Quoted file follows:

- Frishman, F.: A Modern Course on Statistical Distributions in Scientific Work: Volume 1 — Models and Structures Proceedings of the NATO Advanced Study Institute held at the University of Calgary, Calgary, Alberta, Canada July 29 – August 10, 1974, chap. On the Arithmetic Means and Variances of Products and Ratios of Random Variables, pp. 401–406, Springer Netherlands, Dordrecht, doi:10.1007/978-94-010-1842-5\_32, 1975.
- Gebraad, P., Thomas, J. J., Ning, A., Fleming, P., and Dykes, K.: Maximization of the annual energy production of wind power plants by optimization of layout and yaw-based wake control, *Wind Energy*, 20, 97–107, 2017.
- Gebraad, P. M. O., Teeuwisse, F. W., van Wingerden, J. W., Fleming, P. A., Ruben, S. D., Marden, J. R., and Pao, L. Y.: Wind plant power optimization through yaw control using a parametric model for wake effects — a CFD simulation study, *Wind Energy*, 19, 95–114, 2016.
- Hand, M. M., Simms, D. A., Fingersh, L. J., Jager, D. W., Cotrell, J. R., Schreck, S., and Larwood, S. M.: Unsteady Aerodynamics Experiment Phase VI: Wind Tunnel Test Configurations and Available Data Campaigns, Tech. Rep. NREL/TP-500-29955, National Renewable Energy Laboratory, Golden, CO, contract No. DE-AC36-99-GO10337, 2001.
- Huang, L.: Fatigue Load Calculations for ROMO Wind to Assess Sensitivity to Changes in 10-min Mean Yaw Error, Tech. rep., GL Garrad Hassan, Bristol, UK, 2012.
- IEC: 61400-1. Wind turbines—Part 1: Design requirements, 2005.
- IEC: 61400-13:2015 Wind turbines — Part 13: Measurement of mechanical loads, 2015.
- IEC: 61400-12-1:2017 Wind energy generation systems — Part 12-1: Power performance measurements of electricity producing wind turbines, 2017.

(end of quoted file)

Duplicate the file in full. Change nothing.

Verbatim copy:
- Frishman, F.: A Modern Course on Statistical Distributions in Scientific Work: Volume 1 — Models and Structures Proceedings of the NATO Advanced Study Institute held at the University of Calgary, Calgary, Alberta, Canada July 29 – August 10, 1974, chap. On the Arithmetic Means and Variances of Products and Ratios of Random Variables, pp. 401–406, Springer Netherlands, Dordrecht, doi:10.1007/978-94-010-1842-5\_32, 1975.
- Gebraad, P., Thomas, J. J., Ning, A., Fleming, P., and Dykes, K.: Maximization of the annual energy production of wind power plants by optimization of layout and yaw-based wake control, *Wind Energy*, 20, 97–107, 2017.
- Gebraad, P. M. O., Teeuwisse, F. W., van Wingerden, J. W., Fleming, P. A., Ruben, S. D., Marden, J. R., and Pao, L. Y.: Wind plant power optimization through yaw control using a parametric model for wake effects — a CFD simulation study, *Wind Energy*, 19, 95–114, 2016.
- Hand, M. M., Simms, D. A., Fingersh, L. J., Jager, D. W., Cotrell, J. R., Schreck, S., and Larwood, S. M.: Unsteady Aerodynamics Experiment Phase VI: Wind Tunnel Test Configurations and Available Data Campaigns, Tech. Rep. NREL/TP-500-29955, National Renewable Energy Laboratory, Golden, CO, contract No. DE-AC36-99-GO10337, 2001.
- Huang, L.: Fatigue Load Calculations for ROMO Wind to Assess Sensitivity to Changes in 10-min Mean Yaw Error, Tech. rep., GL Garrad Hassan, Bristol, UK, 2012.
- IEC: 61400-1. Wind turbines—Part 1: Design requirements, 2005.
- IEC: 61400-13:2015 Wind turbines — Part 13: Measurement of mechanical loads, 2015.
- IEC: 61400-12-1:2017 Wind energy generation systems — Part 12-1: Power performance measurements of electricity producing wind turbines, 2017.